Ok, full disclosure, the title is purely clickbait and this article is going in a totally different direction. Sorry about that…Lauren Southern is at it again! And this time, it includes sex!
Her latest video recently rubbed a friend of mine on Twitter the wrong way and, naturally, I had to see what the fuss was about.
And she received quite the response on her post about Southern’s video, which you can see for yourself here. Southern also included sources in her video description and I’ll let you decide whether or not they’re convincing.
What was interesting to me about the video, the response, and its subsequent threads on Twitter was the juxtaposition between two warring, yet somehow complimentary ideals which were illustrated in these two unique women.
For the record, I enjoy both of these women’s content very much. I’ve followed Lauren for quite a while on YouTube, and have had the pleasure of getting acquainted with Eva (aka Toxic Femininity on YouTube) over the past few months, and will be having her as a guest on my show later this month.
As I read through the threads it struck me that there were two distinct sorts of arguments that came to embody two different philosophies.
The Individualist Philosophy
The Societal Philosophy
The Individualist arguments tend to gravitate around (surprise, surprise!) the individual, their happiness, and their discretion. This was the philosophy Eva seemed to be embracing, at one point stating:
The Societal philosophy was brought forth by Lauren’s initial video calling out women for certain behaviors, and making assumptions about certain trends holding true for nearly all women in society (i.e. the desire for a husband and family).
As human beings we are born with an innate mix of these philosophies within us. We are physically, mentally, and emotionally individual units. Our life is a solitary experience because nobody can live for us, only with us and yet…
As human beings we also continually seek out associations, societies, communities, or whatever other title will fit. We’re communal creatures by nature. We connect over meals, through dance, through social networking sites, through video games, art, music, sports, national identity or heritage, relationships and families…the list goes on and on.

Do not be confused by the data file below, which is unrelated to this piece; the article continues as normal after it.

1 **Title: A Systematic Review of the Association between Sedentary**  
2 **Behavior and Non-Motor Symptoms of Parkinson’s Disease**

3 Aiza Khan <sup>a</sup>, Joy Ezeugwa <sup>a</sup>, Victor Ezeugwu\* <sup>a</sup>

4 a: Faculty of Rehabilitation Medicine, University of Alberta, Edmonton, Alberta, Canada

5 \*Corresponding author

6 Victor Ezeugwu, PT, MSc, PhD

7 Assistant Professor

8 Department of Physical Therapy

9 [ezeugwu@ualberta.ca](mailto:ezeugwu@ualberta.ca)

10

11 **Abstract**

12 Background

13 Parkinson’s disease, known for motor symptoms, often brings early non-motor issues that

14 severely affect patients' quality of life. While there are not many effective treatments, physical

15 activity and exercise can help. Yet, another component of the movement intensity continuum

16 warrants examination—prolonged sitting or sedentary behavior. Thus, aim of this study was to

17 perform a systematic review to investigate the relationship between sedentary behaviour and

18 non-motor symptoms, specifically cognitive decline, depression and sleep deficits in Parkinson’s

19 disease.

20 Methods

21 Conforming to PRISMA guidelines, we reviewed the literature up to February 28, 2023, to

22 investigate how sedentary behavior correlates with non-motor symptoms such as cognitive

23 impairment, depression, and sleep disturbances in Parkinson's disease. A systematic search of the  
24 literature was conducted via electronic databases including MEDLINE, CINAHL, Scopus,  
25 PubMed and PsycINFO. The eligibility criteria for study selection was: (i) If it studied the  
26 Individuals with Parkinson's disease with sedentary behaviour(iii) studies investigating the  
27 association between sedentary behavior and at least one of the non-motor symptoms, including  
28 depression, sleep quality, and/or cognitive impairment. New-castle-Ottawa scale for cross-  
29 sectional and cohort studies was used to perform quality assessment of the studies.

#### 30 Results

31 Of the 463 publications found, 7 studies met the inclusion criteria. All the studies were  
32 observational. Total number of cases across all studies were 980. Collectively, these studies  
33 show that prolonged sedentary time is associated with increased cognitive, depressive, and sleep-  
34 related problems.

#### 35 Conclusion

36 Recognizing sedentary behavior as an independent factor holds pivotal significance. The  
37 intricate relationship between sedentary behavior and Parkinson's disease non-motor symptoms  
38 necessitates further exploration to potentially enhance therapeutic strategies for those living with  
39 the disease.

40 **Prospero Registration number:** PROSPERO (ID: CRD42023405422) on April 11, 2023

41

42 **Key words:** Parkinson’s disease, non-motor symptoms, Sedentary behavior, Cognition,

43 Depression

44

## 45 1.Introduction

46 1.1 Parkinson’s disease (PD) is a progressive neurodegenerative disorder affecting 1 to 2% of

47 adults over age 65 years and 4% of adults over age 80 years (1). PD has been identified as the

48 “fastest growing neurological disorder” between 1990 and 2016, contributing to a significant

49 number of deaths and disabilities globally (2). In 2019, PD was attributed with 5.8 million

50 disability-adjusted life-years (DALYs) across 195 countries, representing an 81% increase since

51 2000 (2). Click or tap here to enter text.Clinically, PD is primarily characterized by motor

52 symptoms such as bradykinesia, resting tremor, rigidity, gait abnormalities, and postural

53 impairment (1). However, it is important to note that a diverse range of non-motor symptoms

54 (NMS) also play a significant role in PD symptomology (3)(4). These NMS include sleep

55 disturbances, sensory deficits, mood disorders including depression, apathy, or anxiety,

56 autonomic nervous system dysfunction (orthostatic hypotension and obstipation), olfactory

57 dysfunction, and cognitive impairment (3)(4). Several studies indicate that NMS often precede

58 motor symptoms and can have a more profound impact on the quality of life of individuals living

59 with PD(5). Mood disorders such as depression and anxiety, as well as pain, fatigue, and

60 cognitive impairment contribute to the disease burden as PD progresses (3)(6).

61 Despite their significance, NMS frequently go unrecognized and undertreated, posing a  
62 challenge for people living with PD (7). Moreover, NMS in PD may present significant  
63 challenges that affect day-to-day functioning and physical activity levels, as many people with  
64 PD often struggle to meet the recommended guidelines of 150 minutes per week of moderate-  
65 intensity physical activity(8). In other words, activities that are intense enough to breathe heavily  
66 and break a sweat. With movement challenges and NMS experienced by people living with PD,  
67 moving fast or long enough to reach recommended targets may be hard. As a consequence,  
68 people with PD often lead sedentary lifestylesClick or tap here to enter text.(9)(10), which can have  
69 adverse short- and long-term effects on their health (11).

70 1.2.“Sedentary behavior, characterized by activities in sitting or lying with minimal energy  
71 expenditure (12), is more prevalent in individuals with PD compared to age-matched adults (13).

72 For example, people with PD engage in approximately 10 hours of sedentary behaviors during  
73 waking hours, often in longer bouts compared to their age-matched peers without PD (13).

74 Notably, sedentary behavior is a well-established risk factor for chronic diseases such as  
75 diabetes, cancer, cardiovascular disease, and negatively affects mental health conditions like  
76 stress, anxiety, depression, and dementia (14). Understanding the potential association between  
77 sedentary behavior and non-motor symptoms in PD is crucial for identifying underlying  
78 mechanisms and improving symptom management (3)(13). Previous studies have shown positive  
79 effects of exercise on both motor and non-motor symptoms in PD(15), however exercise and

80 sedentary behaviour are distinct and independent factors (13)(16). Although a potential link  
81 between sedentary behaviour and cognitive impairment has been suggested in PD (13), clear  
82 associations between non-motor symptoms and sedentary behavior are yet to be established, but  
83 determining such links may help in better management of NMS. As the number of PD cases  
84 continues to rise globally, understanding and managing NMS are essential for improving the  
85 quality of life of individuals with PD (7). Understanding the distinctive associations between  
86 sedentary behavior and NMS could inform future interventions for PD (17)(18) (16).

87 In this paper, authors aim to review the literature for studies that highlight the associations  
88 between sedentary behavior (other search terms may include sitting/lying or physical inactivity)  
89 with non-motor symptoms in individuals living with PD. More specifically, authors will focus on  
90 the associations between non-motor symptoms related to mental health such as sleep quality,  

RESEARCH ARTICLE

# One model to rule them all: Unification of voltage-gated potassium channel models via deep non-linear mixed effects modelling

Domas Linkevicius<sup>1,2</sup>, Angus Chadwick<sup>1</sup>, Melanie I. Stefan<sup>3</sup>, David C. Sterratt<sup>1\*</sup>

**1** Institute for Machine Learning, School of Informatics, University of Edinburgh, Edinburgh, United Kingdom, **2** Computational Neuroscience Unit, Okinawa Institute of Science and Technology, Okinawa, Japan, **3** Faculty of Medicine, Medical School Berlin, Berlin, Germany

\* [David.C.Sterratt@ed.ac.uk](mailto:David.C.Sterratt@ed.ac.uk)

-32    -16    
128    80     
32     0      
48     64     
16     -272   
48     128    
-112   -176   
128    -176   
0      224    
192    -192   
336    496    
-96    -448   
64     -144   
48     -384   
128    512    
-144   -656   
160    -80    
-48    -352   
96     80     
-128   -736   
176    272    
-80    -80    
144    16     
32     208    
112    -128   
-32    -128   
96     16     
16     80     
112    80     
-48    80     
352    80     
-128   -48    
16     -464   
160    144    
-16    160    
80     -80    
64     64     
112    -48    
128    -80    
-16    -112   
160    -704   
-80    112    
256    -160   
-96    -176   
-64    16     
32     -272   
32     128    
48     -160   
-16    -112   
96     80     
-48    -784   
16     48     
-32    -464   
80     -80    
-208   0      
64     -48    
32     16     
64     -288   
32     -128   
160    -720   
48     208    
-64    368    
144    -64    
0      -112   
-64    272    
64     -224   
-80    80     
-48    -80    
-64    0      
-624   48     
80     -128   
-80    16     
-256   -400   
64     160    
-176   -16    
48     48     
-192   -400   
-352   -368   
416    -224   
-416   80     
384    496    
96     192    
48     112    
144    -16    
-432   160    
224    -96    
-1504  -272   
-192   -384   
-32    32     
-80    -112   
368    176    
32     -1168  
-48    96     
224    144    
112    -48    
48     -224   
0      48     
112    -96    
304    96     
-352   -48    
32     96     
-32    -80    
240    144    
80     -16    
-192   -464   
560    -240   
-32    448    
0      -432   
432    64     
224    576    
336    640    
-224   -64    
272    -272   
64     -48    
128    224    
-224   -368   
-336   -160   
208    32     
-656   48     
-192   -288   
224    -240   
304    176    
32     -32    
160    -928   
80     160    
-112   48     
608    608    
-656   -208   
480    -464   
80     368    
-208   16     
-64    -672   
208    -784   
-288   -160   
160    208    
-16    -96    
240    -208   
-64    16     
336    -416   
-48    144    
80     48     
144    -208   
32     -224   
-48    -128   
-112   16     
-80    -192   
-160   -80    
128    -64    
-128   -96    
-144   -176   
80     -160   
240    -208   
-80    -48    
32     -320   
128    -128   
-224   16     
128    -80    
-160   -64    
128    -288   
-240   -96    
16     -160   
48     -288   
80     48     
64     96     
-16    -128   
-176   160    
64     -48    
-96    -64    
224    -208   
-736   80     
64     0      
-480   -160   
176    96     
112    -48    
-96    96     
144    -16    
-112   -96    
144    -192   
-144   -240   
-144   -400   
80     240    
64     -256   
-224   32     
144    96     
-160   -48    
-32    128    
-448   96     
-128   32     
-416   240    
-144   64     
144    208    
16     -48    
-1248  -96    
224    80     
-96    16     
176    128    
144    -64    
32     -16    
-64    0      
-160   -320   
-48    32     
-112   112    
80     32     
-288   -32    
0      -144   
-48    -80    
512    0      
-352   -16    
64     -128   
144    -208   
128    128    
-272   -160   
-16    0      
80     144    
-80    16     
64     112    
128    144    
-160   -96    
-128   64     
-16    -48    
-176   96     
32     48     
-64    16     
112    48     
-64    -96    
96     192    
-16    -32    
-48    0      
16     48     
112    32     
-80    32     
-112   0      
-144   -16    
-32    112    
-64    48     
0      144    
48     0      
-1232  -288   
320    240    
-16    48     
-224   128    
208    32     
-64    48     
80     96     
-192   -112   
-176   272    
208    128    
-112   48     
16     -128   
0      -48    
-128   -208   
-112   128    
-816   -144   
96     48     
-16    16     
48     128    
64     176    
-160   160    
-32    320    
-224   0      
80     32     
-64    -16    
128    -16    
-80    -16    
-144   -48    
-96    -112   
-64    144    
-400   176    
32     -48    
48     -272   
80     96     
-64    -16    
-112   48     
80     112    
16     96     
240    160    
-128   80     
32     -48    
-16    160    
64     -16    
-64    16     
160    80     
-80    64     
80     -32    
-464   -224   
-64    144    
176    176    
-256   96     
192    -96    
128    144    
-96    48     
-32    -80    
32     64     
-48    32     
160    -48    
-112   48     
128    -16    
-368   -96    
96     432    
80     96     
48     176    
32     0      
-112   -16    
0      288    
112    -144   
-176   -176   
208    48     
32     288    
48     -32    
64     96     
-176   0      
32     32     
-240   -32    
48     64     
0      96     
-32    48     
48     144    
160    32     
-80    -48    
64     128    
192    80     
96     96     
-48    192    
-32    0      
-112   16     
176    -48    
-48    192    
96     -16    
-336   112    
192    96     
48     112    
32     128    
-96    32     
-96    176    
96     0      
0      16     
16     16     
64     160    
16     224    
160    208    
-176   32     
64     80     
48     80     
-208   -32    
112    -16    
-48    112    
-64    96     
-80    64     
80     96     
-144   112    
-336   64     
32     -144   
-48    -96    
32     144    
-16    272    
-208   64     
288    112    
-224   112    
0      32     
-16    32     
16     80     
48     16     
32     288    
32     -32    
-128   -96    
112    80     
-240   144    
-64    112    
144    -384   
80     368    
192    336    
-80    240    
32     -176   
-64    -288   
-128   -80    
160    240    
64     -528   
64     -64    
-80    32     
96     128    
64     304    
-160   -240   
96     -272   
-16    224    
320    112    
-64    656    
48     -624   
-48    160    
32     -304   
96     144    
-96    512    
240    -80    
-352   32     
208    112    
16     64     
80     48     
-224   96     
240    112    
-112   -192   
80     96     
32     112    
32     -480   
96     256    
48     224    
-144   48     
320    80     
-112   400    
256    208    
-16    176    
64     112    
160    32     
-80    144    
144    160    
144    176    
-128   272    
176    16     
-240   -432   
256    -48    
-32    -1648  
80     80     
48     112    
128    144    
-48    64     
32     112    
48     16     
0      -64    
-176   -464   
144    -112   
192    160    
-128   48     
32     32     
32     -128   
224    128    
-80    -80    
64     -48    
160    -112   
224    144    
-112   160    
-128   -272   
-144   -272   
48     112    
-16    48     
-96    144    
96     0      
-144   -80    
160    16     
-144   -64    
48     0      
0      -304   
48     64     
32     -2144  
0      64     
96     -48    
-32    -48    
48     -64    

So if we’re innately both, then why the conflict?
This is the great paradox of the individualistic/communal duality of human beings. Both characteristics compliment and yet at the same time vehemently oppose because, pushed too far in either direction, one will end up destroying the other. A culture which places a high premium on collective will and extreme emphasis on the “common good” will swallow up the individual. In the same way a “society” predicated on extreme individualism lacks the cohesion to remain a society. So the question of living as an individual who has an innate need for community is where exactly to strike the balance between the two.
That’s a question people have been asking for centuries upon centuries.
Lauren’s argument was that a certain, prescriptive sort of behavior was more beneficial in the long run for society. If it sounded antiquated, well…it’s because it is. It was a worldview that was prevalent in American culture (I can’t speak to other cultures) for the better part of its history. It’s only been in recent decades that Americans have witnessed the implosion of the traditional nuclear family, attitudes toward sex and relationships becoming increasingly liberal, and the generations raised by daycare rather than parents.
Lauren Southern’s career is built entirely on restoring traditional Western values, it’s something she’s ridiculously passionate about. We need people who care about society as a whole, or the direction of cultural trends.
The danger of looking simply at cultural trends as a whole is that one can lose sight of the fact that individuals are the fabric of that society. Individuals have different experiences. One person may completely embody a cultural trend, while another may engage in similar behaviors and defy the trend. At the end of the day what matters is freedom of choice, not a prescriptive way to live.
I will readily admit that I am biased toward the individualist’s camp, but that doesn’t stop the nagging questions I have about what makes a great society. Yes, I want to be as free as possible and don’t want any authoritarians (Right or Left) to tell me what’s best for me. At the same time I watch the descent of American culture firsthand and wonder if We The Individuals are even capable of sacrificing some of our precious autonomy for anything greater than ourselves.
It’s been said that Rome, the shining jewel of civilization in the ancient world, was lost when it’s citizens stopped believing in Rome. I am an individual, but I’m also a citizen of America. I need to be true to myself and strive for freedom, but I also have some degree of responsibility to those I share a country with.
So the question then isn’t who’s right in this discussion.
At the end of the day, the question is:
Where exactly will we strike this necessary balance?